A combination of factors such as the dog’s temperament and the type of relationship it has with the owner will determine whether or not a dog will develop separation anxiety.
Sue’s Note: Dog owners often create separation anxiety in dogs by making dramatic arrivals and departures from their home. It helps to prevent this problem by making arrivals and departures as calm and non-specific as possible. If a dog owner notices any of the behaviors listed above, do not wait to engage the help of a certified canine behavior consultant. The longer the behavior is allowed to continue the harder it will be to cure. Cats can also suffer from separation anxiety. To find a qualified behavior consultant go to iaabc.org
Because of the unique combination of issues that contribute or cause separation anxiety, diagnosing the problem is difficult therefore a dog owner should not try to solve the problem themselves or go to a dog trainer since this is not a training issue.
A Dog’s Devotion: True Adventures of a K9 Search and Rescue Team by Suzanne Elshult and James Guy Mansfield, 286 pgs., ISBN: 978-1-4930-6871-5, Published by Lyons Press, $28.95.
As a K9 SAR person with over 20 years in the field, I thoroughly enjoyed reading this book. What I found refreshing was that Ms. Elshult and Mr. Mansfield included the struggles that they encountered which seem to permeate the SAR community, such as personality differences, leadership conflicts, and gaining acceptance by non-SAR agencies.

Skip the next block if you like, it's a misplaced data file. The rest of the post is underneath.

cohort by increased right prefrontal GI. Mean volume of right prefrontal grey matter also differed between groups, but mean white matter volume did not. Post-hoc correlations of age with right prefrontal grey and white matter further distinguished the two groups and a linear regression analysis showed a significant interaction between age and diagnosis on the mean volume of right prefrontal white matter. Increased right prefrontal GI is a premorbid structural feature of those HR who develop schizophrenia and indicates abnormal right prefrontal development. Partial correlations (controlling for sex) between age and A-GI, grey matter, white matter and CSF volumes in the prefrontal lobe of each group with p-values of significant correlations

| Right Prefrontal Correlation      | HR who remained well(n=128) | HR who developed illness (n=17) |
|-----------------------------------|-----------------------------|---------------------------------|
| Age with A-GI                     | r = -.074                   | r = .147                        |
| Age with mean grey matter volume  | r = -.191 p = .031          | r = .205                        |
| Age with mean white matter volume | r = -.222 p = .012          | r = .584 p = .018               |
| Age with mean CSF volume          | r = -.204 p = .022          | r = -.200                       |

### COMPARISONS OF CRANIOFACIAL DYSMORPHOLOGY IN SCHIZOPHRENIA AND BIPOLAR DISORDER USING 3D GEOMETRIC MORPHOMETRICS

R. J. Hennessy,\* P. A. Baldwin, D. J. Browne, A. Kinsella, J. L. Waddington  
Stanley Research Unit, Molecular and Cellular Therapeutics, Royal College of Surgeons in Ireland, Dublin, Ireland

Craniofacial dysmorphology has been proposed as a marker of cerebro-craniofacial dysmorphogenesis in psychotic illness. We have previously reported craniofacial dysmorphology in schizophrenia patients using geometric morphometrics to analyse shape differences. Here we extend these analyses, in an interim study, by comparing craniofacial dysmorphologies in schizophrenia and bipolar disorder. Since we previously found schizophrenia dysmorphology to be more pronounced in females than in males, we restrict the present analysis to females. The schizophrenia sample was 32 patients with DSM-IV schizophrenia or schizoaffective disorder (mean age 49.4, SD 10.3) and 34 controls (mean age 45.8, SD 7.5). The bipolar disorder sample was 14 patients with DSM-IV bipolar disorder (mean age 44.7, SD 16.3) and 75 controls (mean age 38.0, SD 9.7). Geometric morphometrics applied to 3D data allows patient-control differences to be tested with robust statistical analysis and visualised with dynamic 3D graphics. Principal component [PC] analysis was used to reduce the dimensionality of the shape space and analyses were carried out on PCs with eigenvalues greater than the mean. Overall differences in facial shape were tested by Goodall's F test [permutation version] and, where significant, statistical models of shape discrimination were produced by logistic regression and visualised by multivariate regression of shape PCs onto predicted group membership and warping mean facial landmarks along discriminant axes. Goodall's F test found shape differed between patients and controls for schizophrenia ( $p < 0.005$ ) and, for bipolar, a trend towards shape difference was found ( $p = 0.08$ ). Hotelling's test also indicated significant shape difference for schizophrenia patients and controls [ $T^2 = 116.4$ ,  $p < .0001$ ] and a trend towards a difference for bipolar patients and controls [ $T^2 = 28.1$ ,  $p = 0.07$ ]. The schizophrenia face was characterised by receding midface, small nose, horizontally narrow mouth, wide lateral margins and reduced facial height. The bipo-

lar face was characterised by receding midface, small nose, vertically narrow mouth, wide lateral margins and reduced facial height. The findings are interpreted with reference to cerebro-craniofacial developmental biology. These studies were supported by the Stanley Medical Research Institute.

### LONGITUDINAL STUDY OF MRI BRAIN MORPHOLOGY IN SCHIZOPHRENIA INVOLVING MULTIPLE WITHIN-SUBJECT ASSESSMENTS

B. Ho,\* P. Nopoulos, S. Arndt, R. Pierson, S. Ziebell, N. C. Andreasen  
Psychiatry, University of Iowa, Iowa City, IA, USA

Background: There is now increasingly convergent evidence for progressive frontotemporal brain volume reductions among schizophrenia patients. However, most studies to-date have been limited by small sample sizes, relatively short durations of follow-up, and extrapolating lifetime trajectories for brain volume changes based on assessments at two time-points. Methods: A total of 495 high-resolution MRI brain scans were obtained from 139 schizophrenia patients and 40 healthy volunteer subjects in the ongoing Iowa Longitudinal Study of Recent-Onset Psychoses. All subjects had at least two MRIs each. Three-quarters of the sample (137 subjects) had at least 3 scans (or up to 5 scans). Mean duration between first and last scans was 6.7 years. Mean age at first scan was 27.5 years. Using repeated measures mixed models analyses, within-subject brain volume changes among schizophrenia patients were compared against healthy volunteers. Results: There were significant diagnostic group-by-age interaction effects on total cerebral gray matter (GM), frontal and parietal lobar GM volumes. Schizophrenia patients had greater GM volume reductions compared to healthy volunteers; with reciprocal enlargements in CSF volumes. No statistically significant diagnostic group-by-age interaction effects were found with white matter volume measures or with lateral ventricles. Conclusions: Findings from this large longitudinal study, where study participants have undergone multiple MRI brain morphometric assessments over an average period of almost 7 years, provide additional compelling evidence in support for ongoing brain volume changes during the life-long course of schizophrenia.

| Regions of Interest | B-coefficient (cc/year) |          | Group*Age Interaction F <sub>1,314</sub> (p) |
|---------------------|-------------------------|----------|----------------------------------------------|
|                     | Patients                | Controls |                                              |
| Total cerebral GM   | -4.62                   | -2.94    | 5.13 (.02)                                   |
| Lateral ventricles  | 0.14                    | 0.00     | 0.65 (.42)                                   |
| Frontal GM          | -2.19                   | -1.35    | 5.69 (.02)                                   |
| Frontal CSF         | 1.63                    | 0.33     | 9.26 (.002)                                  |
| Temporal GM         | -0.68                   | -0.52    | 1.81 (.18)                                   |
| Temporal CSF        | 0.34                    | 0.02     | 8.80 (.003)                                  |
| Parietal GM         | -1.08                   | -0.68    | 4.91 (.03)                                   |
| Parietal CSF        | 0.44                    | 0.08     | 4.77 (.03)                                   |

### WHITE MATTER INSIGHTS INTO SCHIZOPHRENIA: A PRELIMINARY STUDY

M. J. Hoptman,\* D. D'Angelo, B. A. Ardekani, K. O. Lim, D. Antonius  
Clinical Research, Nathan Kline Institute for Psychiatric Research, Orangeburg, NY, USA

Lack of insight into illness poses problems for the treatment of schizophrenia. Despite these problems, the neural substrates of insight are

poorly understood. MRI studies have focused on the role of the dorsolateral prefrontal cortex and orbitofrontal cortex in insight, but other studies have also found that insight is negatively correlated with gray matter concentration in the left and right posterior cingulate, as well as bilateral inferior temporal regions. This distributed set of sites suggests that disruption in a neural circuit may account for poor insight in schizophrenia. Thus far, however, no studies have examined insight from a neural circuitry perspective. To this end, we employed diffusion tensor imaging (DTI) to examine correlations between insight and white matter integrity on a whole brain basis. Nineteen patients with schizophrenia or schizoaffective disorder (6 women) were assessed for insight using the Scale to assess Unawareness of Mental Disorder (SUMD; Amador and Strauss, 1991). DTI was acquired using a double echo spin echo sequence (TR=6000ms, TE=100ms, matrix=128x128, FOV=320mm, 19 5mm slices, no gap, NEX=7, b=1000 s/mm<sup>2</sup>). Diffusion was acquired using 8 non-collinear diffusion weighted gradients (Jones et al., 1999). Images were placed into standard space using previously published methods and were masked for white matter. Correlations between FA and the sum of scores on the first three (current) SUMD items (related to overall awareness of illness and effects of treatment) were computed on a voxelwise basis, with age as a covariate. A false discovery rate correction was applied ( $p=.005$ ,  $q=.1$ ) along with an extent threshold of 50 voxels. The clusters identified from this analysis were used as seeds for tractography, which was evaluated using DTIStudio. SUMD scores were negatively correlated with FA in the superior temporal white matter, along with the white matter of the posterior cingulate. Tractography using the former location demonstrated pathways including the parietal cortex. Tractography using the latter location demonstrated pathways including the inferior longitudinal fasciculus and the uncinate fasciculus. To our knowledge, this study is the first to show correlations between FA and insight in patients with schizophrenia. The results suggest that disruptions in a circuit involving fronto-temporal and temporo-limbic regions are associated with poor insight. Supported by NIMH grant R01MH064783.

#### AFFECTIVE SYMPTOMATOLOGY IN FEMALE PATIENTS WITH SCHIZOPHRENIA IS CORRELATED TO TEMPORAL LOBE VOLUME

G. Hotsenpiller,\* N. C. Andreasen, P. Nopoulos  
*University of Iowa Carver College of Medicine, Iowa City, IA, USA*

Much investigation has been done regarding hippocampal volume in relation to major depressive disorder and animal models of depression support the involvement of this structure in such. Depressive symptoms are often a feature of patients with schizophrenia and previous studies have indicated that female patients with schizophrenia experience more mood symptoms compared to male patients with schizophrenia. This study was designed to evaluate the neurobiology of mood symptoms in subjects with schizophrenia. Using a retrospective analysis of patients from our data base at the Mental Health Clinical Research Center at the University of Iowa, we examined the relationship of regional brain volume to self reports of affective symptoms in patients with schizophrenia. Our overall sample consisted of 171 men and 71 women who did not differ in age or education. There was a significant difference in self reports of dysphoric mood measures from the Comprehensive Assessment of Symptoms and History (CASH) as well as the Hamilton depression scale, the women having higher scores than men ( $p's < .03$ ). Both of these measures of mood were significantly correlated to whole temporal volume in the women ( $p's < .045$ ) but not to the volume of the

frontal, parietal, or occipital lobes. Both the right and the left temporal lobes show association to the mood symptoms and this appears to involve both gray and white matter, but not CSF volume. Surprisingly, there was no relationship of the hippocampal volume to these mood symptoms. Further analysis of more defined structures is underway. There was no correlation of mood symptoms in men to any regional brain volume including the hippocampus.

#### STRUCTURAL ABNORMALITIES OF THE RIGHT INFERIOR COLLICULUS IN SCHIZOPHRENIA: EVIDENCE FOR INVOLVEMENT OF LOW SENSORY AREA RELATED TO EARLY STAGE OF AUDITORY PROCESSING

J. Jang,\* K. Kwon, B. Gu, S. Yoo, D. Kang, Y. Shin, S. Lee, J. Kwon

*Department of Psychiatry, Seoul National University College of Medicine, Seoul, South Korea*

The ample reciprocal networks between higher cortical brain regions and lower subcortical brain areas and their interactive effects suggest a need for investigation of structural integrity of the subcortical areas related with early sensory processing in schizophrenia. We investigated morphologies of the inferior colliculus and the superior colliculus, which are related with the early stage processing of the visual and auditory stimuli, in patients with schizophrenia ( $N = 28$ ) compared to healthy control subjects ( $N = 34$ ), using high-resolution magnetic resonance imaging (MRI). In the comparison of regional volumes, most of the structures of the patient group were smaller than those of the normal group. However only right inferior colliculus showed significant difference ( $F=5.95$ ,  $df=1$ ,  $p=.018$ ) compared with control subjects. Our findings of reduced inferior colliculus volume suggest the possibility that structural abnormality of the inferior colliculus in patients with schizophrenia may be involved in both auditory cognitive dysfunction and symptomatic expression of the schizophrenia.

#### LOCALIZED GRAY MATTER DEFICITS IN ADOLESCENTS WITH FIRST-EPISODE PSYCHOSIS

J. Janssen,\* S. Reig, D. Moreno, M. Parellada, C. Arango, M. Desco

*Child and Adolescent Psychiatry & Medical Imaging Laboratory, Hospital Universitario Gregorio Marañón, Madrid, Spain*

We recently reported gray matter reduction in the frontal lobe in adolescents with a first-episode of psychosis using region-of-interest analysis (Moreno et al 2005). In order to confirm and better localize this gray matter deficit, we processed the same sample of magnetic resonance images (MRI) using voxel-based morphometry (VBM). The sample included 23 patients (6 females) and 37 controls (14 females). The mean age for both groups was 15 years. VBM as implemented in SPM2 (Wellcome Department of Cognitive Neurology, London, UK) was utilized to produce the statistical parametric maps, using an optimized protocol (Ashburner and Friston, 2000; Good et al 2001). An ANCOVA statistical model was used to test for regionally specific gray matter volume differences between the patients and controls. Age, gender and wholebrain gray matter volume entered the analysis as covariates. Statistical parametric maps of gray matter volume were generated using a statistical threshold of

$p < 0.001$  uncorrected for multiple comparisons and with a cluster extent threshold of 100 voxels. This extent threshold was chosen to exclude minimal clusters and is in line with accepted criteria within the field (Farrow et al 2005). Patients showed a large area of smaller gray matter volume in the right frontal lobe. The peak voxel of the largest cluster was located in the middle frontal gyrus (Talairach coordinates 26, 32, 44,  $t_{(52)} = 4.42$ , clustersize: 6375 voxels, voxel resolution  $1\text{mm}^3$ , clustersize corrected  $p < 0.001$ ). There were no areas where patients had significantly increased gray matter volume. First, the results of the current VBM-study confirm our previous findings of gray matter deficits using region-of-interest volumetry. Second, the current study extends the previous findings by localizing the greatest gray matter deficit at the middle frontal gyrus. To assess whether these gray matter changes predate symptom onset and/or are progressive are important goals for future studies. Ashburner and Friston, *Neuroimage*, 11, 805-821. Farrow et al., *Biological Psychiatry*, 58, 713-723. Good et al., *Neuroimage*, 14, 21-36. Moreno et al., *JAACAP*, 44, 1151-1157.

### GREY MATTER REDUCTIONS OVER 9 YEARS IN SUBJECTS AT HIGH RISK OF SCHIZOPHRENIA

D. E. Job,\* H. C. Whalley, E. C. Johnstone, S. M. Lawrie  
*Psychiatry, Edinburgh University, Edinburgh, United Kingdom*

The authors share with us some of the search missions that were especially meaningful to them including those for human remains. Ms. Elshult’s dog Keb, a yellow Labrador Retriever was successfully cross trained in both live detection and human remains. Unfortunately, many SAR people feel that a cross trained dog cannot perform reliably. I personally successfully cross trained all of my search dogs so I understand the struggles that she had.
The book is written in a non-emotional, almost report like manner where we are told the facts. The authors reactions to the situations that they faced are covered but not dramatized. However, we are told of all of the hardships and challenges that they faced and how they worked through them. Even though some of the searches involve looking for human remains, the writing style makes it safe for even the squeamish to read and enjoy.
The beauty of this book is that it clearly gives the reader a factual picture of what search and rescue involves, how searches are managed and decisions are made. Ms. Elshult’s love and admiration for her dog Keb is evident throughout the book and Keb is a good representation of what many search dogs are capable of and do throughout the world. While the searches take place in the Pacific Northwest forests, the dynamics apply to all searches.
Dr. Emma Williams, from the School of Psychological Science at the University of Bristol has conducted a study about managing aggressive dog behavior. According to her research, aggression in dogs is a worldwide problem.